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from getting out of the artificial world and being with nature. not only oil lay beneath the tundra. minerals vital to national defense were being imported from the third world while unknown quantities waited in alaska. the amounts were assumed to be vast. the alaska lands act would prevent further exploration. within those borders, there's the potential of providing for this nation the 31 minerals which we're importing from the third world. why weren't they developed before this? because the need wasn't there. because it's expensive. if there was debating room on alaska's minerals, there was no debate on the wilderness. it was vast, and it was america's last wilderness, the last wild home for many plants and animals.
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we could import minerals but not wilderness. we couldn't have both. we'd have to choose. doug scott was the chief lobbyist for the environmentalists. people in future generations will be outraged if we destroy everything natural about this planet in our shortsighted rush to develop everything for short-run economic gain. almost everybody in this country agrees with that. that's why we said to the american people, "write your congressman. "he's about to make a decision of extraordinary importance. "you may never be able to go to that national park. "it's a part of our culture. tell your congressman you care." and millions of people responded. that's why the congress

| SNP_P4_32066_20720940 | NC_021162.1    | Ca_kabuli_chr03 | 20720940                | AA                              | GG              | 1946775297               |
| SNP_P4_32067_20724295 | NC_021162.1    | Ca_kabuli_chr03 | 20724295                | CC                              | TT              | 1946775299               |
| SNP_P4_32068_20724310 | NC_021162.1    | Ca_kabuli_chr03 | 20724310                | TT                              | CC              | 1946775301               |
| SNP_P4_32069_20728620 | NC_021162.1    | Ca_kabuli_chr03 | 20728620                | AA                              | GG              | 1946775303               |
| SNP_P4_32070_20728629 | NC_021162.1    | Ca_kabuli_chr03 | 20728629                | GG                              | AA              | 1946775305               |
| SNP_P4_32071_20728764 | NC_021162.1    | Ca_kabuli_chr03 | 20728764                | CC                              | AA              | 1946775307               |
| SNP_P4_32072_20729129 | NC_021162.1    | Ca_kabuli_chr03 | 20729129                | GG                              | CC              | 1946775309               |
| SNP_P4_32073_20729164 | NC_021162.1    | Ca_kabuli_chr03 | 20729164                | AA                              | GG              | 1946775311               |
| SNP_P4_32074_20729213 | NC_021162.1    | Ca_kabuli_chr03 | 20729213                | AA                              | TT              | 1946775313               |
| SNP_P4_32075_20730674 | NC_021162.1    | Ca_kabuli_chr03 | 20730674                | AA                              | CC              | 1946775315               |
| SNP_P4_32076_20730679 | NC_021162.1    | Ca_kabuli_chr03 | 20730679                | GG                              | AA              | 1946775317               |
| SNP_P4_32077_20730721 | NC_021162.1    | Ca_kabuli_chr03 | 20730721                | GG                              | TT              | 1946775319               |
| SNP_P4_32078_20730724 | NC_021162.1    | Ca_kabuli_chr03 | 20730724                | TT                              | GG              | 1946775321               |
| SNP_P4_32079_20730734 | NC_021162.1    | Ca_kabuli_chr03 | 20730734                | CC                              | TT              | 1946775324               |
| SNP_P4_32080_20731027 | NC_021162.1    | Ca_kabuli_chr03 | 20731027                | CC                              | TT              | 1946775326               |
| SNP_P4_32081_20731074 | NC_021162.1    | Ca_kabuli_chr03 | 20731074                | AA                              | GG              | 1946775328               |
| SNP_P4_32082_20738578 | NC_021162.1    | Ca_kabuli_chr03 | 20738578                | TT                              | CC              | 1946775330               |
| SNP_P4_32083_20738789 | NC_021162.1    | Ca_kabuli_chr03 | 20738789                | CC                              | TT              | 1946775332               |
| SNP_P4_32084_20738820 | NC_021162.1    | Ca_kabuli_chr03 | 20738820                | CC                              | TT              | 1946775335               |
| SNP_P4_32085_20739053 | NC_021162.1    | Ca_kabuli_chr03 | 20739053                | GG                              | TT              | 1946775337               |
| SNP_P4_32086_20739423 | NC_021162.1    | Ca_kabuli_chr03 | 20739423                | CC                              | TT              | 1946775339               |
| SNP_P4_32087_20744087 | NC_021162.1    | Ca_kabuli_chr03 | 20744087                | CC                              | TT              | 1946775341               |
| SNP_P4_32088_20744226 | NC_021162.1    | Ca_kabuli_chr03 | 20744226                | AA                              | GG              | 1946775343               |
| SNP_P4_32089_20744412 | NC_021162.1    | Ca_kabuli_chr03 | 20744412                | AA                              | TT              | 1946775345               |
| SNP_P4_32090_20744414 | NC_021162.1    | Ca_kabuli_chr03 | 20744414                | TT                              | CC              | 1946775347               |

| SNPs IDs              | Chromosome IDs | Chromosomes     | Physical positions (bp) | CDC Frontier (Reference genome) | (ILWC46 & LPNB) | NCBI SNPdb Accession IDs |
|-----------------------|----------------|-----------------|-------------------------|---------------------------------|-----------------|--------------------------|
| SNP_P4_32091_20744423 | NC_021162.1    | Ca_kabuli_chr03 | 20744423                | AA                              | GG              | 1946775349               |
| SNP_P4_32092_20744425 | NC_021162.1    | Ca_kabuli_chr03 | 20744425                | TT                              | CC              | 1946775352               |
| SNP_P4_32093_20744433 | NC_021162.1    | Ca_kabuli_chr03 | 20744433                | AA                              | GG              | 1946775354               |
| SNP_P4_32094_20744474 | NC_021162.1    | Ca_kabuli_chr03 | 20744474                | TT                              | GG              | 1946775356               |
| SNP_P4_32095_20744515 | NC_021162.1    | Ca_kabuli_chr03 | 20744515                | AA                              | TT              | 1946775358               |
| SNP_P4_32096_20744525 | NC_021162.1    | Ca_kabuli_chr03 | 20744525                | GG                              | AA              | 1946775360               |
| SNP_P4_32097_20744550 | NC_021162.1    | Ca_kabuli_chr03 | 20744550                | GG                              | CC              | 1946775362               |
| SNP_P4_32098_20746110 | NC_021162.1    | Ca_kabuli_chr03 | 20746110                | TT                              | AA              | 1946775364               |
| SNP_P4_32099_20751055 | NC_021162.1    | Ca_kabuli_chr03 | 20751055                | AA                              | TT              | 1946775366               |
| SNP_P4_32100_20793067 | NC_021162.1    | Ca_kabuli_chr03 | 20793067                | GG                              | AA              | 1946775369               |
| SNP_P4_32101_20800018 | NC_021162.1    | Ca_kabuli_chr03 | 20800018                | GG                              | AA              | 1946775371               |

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rose to this historic conservation challenge. they sold this issue on the national interest of preserving the lands for the future. everybody will say they support wilderness and parks. if you ask them, "do you support wilderness as a jeopardy of your job?" they'd say no. we couldn't convey that message to the public. secondly, regardless of what people say, there will be a loss of jobs in alaska. when we're faced with unemployment... don young's eloquence was in vain. the alaska lands act was passed by the house in 1979, by the senate in 1980, and signed into law by president carter. with a stroke of his pen, the president doubled the national park system, the nation's wilderness areas, and our wildlife refuges
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and closed the door on mineral development on these lands. the economic cost of the alaskan lands act is measured in terms of the ress5rces we chose not to develop-- the minerals that still lie beneath the permafrost. was it worth it? we asked economic analyst richard gill what the alaskan lands issue tells us about economic questions in general. the alaskan lands issue is an issue of limits. one limit relates to economics. what is the value to society of preserving our natural wilderness? economists will have personal views. we can make no claim to special wisdom. this question is for society to decide. having been appropriately modest, we can now ask what economists can do.
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the first lesson of economics is that we can't have everything we want. our desires for material goods may be unlimited. our resources for fulfilling those desires are limited and scarce. consider the following diagram-- along this horizontal axis, we measure the acres of alaska preserved as wilderness. if we preserve the maximum amount of alaskan wilderness, we might end up here with 150 million acres of unspoiled natural terrain. on this vertical axis, we measure the valuable resources, say minerals, in those 150 million acres. if all those acres were developed, we would get $13 billion worth of minerals. the notion of limits in economics says you can't be in both places at once.